And Then There Was You…
And Then There Was You…: A Children’s Story of Science & Emotion.
Erika K.H. Gronek, Phoenix, Arizona (USA)
This essay describes the background to the writing of the children’s book, And Then There Was You….. In addition, the multiple layers of the story that go beyond a child’s initial comprehension are deconstructed. The book in question hits upon many of the themes of the Big History movement in academia.
And Then There Was You... is a story about everything. It was written and illustrated for my son about 6 months after he was born. One sleep-deprived night I nursed him in a rocking chair while pondering the design of his room. I had decorated the top half of the room with Maxfield Parrish-styled clouds and a layout of the summer constellations set in glow-in-the dark paint on the ceiling. I wanted this design to say: “the future is wide open” and “there is nowhere else to go but up.” The border of the room had wall paper that was a replica of a Victorian time-chart of all of human history. It started with Adam and Eve and was up-dated with the on-goings of the present day. Staring into my son’s eyes, I pondered all of the events that had to take place for all of his atoms to be aligned into his tiny form. That is when I decided to write and illustrate a children’s book that accidentally hit upon all of the major themes contained in “Big History.”
See TedTalks summarize what Big History is below.
I wanted my son to have a firm grounding in understanding where he came from. My quandary was where to start. There was always something that came before. I had no choice but to start at the utmost beginning–the Big Bang. Out of blackness, came something. It was binary. On or off. Either something existed or it didn’t. I was about to shove the deepest arguments that some of the world’s best philosophers, thinkers and theologians could come up with into a children’s book.
The first page I illustrated was black with a white hot explosion in the middle, captioned by the solitary word: “Spark!” It doesn’t answer any questions, it only creates them. The reader will have the rest of their life to ponder that one page. Is it simply the mechanical spark that created the Big Bang? Where did it come from? What, if anything, came before it? Or is the spark divine? It works either way depending on the reader.
After illustrating the formation of our solar system and our planet, the spark returns again. This time the spark is in the form of lightning and it is setting off the chain of events involved in starting life with the raw materials of carbon, water and various molecules and amino acids. One-celled organisms are illustrated, followed by a jump in the timeline to the time of the dinosaurs. This is my son’s favorite part, and it causes him to roar.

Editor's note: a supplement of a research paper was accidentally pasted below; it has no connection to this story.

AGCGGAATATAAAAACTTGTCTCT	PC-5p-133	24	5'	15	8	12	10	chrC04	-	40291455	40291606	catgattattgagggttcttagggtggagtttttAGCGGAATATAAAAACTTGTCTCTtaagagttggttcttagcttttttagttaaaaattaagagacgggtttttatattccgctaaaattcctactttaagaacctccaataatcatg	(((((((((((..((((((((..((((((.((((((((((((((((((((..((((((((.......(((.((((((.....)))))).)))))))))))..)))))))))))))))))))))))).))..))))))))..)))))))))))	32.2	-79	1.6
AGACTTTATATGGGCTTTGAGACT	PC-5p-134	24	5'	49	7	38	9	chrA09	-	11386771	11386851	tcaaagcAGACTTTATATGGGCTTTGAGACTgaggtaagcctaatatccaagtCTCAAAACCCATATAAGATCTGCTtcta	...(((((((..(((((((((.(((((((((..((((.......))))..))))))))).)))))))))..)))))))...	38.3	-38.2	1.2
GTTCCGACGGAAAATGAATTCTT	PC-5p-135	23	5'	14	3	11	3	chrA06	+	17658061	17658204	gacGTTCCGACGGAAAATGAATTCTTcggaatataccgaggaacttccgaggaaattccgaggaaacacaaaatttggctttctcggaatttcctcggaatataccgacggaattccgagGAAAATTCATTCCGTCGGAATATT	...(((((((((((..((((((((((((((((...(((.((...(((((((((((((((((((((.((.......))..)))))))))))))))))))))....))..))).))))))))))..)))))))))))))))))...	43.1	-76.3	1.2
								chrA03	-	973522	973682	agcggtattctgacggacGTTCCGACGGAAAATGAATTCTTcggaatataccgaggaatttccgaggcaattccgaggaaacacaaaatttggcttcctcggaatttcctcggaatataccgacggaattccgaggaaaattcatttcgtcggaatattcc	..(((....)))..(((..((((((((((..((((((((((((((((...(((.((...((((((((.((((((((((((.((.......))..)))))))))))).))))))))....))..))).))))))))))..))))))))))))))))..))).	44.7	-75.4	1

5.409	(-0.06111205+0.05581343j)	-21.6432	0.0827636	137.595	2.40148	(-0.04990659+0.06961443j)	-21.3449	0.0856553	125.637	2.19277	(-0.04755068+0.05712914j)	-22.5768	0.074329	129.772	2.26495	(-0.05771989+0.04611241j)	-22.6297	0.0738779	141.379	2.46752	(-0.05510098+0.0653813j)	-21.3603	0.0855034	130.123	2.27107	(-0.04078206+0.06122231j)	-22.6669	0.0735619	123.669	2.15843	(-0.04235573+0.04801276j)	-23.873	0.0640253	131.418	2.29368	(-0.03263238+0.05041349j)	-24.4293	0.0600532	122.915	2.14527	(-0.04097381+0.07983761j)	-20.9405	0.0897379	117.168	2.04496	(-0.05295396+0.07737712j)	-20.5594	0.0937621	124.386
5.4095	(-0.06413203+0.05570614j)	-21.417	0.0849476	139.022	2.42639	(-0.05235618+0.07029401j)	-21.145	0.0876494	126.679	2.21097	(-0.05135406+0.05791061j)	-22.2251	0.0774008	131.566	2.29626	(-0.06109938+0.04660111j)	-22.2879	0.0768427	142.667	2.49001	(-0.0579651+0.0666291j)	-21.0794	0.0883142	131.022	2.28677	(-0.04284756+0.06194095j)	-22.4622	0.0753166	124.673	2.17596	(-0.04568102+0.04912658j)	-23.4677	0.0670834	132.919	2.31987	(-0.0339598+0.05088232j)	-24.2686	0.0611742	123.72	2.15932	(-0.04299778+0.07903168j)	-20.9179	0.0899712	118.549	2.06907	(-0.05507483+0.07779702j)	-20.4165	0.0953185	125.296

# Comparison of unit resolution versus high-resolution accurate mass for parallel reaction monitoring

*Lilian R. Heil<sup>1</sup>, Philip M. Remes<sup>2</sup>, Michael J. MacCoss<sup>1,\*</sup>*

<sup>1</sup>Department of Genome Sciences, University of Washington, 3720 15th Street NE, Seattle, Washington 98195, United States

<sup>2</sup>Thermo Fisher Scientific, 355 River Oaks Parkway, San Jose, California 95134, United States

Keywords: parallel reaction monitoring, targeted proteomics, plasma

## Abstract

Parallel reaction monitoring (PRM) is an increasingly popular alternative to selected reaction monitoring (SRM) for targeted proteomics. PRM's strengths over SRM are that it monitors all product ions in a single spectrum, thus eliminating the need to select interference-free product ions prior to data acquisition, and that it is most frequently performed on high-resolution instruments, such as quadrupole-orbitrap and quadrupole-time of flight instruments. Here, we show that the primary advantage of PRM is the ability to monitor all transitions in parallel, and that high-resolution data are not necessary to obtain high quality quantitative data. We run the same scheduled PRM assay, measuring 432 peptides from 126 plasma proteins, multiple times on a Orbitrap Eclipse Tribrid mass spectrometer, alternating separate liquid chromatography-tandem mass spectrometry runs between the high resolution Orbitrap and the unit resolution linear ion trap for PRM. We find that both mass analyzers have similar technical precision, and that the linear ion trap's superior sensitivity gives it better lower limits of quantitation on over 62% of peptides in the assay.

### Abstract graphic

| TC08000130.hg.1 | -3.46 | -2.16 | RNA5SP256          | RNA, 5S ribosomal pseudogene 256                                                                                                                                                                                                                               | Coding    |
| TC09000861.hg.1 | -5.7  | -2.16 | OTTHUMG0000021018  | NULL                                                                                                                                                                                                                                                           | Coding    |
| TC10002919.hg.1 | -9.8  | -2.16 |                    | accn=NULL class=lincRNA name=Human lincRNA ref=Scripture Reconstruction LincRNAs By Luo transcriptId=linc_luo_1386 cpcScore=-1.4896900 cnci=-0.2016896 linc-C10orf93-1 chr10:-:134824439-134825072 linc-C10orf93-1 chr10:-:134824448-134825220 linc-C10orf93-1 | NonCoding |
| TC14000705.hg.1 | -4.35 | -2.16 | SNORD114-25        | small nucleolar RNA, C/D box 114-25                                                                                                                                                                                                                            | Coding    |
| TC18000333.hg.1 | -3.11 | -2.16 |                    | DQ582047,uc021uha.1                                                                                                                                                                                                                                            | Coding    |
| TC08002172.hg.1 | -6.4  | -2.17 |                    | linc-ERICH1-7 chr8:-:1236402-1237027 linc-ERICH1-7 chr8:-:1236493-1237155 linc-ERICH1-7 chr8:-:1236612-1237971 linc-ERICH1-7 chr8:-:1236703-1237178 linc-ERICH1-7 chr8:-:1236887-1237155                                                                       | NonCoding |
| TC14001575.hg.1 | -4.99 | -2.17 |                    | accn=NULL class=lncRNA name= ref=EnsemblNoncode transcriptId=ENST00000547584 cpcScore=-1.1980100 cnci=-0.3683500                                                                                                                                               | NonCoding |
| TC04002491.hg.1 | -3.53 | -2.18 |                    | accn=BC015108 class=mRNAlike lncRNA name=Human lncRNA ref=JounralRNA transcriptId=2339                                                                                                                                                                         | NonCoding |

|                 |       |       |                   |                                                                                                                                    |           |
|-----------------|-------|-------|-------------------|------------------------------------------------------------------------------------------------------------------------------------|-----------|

Life occasionally has die-outs though, so the Tertiary event is depicted with a giant meteor heading for the Gulf of Mexico. A small, fuzzy mammal survives, looking a bit traumatized. Life recovers and is represented as a phylogeny that is constructed out of photo-montages. This family tree starts with one-celled organisms and leads up to one of the highest branches, showing a man and a woman looking much like the ones etched on the side of the Voyager 2 satellite.
The rise of humanity is ignited with another spark. I photo-manipulated an image of my own hands to look like the dirty and weathered hands of presumably a Homo habilis smashing flint together and making a spark for fire. Language, writing, and farming images segway into a map explaining the human diaspora out of Africa and the rise of human civilization.
A new phylogeny image morphs into a large family tree by the next page, displaying a variety of primates and the generations leading up to one family and one union. The final page combines science and emotion in the form of a sleeping baby. One is left to ponder all of the steps that had to go right in order for that one little life to exist. Life is complex. I want my son to understand that. There are books out there, such as Of Pandas and People: The Central Question of Biological Origins, and then there were the school board hearings in Topeka, Kansas, which espoused the idea that evolution is too complex to be true. Evolution is complex, beautiful and profound, as well as mostly accidental and logical. Once one understands that, then the natural world makes sense.
Needless to say, this children’s book has many layers that adults will enjoy. Children, however, will be dazzled by the images and–with the help of their parents–it can help explain where they came from. “Where did I come from?” It’s not an easy question to answer if you want to be accurate and thorough. I remember playing the question-game, “What came before that?” with my mother. The poor woman was exhausted by the endless questions, but she made her best effort to answer them!
I hope that my son will cherish the keepsake I created for him. I used my talents of graphic design, photography and photo manipulation to create the story that I self-published for him. I even photo-shopped snippets of images from the zoo, pictures of him, pictures from our back yard and images of his ancestors into the piece. I hope he tells his grandchildren about these “easter eggs” that I left behind for him to search for. The book lays the ground-work for understanding the world, along with a fascination for science and potentially philosophy. There is truth in both art and science, and I hope I included some of it.
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More Big History Links…
- What is Big History?
- The International Big History Association (IBHA) newsletter featuring the book. (PDF)
- Another mention of the book in the Big History Association (IBHA) newsletter. (PDF) Article for Evolution: A Big History Perspective. 2011. Leonid Grinin, Andrey Korotayev, Barry Rodrigue (editors). Volgograd (Russian Federation): Uchitel Publishing House